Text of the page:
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Avoiding the OS abstraction trap

Avoiding the OS abstraction trap

Posted Aug 14, 2011 11:31 UTC (Sun) by ebirdie (guest, #512)
In reply to: Avoiding the OS abstraction trap by JoeBuck
Parent article: Avoiding the OS abstraction trap

Did you read the article or lacking in understanding the text, or am I? I'll try my shot.

On Linux there is no need to maintain any Kloc for isc driver, if the initial driver development is done the "Linux community way", ie. shared, until the hardware will get revisions, which may need new bits and pieces added in by the vendor development team.

To put it another way with over simplification and has a familiar sound. Write once and forget. ;-)


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Avoiding the OS abstraction trap

Posted Aug 14, 2011 16:01 UTC (Sun) by bfields (subscriber, #19510) [Link]

"Write once and forget" overstates the case--the driver will need some ongoing maintenance to keep up with the rest of the kernel, and it's hard for people who don't know the specific driver well to completely take over maintenance. At a bare minimum, you need someone who has access to the hardware and can test new kernels.

We certainly hope contributors can reduce their maintenance load, but if we lead them to expect it to be reduced to zero, then we risk ending up with a lot of bit-rotted drivers.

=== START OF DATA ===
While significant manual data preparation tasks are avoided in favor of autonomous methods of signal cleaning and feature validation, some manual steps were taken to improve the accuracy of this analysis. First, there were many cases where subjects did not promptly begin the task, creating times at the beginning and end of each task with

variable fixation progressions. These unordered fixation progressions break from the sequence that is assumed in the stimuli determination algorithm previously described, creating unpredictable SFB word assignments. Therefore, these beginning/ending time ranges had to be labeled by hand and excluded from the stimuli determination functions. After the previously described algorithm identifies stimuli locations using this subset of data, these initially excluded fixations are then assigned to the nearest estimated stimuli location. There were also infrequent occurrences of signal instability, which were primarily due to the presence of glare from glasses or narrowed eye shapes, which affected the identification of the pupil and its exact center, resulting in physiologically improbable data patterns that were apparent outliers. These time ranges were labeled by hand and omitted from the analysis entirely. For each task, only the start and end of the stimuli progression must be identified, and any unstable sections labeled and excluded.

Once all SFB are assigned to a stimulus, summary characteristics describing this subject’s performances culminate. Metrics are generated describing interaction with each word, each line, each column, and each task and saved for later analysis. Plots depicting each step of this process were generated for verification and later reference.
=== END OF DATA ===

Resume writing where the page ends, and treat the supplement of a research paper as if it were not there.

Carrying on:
Avoiding the OS abstraction trap

Posted Aug 15, 2011 16:38 UTC (Mon) by misiu_mp (guest, #41936) [Link]

The point of this rewriting is that the future maintenance will be possible by someone outside the original development team. So although you will probably need a person with the hardware to test it, it could be an ordinary savvy user. That's because the driver is now much simpler and similar to other drivers, instead of being the very specific and complicated cake of layers that it used to be. It's got a better Bus factor .

Avoiding the OS abstraction trap

Posted Aug 16, 2011 6:20 UTC (Tue) by ebirdie (guest, #512) [Link]

"the driver is now much simpler and similar to other drivers, instead of being the very specific and complicated cake of layers"

I love this, because to me it implies that the piece of hardware (ie. a chip and its surrounding implementation) has better chances to shine on its own as hardware and not leveled to other similar hardware just by a software development method, which does not directly produce any good to me.


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